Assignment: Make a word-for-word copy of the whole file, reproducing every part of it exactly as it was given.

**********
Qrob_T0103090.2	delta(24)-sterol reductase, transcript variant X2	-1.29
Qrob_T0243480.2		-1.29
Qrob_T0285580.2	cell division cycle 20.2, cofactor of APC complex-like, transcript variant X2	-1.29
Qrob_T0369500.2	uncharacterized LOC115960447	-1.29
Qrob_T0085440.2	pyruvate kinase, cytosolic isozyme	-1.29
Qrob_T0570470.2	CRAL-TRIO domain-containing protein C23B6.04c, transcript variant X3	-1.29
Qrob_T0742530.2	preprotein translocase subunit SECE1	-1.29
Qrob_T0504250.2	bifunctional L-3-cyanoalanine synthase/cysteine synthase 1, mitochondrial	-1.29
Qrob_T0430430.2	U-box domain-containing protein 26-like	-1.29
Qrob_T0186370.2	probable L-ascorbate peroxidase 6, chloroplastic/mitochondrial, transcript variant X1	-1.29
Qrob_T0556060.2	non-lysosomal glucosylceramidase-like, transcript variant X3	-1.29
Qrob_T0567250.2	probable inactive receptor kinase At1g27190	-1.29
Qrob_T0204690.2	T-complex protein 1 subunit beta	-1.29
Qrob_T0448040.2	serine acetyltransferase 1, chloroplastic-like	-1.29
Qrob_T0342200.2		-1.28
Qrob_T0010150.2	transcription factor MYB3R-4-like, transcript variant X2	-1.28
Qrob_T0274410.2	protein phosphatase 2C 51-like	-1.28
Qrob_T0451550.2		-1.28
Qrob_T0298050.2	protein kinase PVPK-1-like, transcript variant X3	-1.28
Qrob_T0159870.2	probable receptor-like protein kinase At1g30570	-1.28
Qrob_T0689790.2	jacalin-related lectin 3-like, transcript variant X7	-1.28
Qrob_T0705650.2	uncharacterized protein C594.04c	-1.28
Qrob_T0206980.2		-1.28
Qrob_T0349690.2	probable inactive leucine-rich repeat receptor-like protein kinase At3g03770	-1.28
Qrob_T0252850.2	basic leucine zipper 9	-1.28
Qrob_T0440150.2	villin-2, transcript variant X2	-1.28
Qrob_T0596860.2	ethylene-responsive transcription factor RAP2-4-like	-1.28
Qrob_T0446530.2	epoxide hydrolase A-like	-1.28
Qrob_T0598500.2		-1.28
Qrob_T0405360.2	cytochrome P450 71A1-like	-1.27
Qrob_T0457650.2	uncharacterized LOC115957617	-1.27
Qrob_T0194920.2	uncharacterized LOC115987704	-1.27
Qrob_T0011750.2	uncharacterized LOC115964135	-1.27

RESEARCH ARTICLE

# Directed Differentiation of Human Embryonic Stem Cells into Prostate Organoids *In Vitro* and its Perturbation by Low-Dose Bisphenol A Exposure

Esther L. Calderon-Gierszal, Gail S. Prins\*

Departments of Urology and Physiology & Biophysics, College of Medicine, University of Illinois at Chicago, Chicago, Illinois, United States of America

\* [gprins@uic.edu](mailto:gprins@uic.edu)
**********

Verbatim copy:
Qrob_T0103090.2	delta(24)-sterol reductase, transcript variant X2	-1.29
Qrob_T0243480.2		-1.29
Qrob_T0285580.2	cell division cycle 20.2, cofactor of APC complex-like, transcript variant X2	-1.29
Qrob_T0369500.2	uncharacterized LOC115960447	-1.29
Qrob_T0085440.2	pyruvate kinase, cytosolic isozyme	-1.29
Qrob_T0570470.2	CRAL-TRIO domain-containing protein C23B6.04c, transcript variant X3	-1.29
Qrob_T0742530.2	preprotein translocase subunit SECE1	-1.29
Qrob_T0504250.2	bifunctional L-3-cyanoalanine synthase/cysteine synthase 1, mitochondrial	-1.29
Qrob_T0430430.2	U-box domain-containing protein 26-like	-1.29
Qrob_T0186370.2	probable L-ascorbate peroxidase 6, chloroplastic/mitochondrial, transcript variant X1	-1.29
Qrob_T0556060.2	non-lysosomal glucosylceramidase-like, transcript variant X3	-1.29
Qrob_T0567250.2	probable inactive receptor kinase At1g27190	-1.29
Qrob_T0204690.2	T-complex protein 1 subunit beta	-1.29
Qrob_T0448040.2	serine acetyltransferase 1, chloroplastic-like	-1.29
Qrob_T0342200.2		-1.28
Qrob_T0010150.2	transcription factor MYB3R-4-like, transcript variant X2	-1.28
Qrob_T0274410.2	protein phosphatase 2C 51-like	-1.28
Qrob_T0451550.2		-1.28
Qrob_T0298050.2	protein kinase PVPK-1-like, transcript variant X3	-1.28
Qrob_T0159870.2	probable receptor-like protein kinase At1g30570	-1.28
Qrob_T0689790.2	jacalin-related lectin 3-like, transcript variant X7	-1.28
Qrob_T0705650.2	uncharacterized protein C594.04c	-1.28
Qrob_T0206980.2		-1.28
Qrob_T0349690.2	probable inactive leucine-rich repeat receptor-like protein kinase At3g03770	-1.28
Qrob_T0252850.2	basic leucine zipper 9	-1.28
Qrob_T0440150.2	villin-2, transcript variant X2	-1.28
Qrob_T0596860.2	ethylene-responsive transcription factor RAP2-4-like	-1.28
Qrob_T0446530.2	epoxide hydrolase A-like	-1.28
Qrob_T0598500.2		-1.28
Qrob_T0405360.2	cytochrome P450 71A1-like	-1.27
Qrob_T0457650.2	uncharacterized LOC115957617	-1.27
Qrob_T0194920.2	uncharacterized LOC115987704	-1.27
Qrob_T0011750.2	uncharacterized LOC115964135	-1.27

RESEARCH ARTICLE

# Directed Differentiation of Human Embryonic Stem Cells into Prostate Organoids *In Vitro* and its Perturbation by Low-Dose Bisphenol A Exposure

Esther L. Calderon-Gierszal, Gail S. Prins\*

Departments of Urology and Physiology & Biophysics, College of Medicine, University of Illinois at Chicago, Chicago, Illinois, United States of America

\* [gprins@uic.edu](mailto:gprins@uic.edu)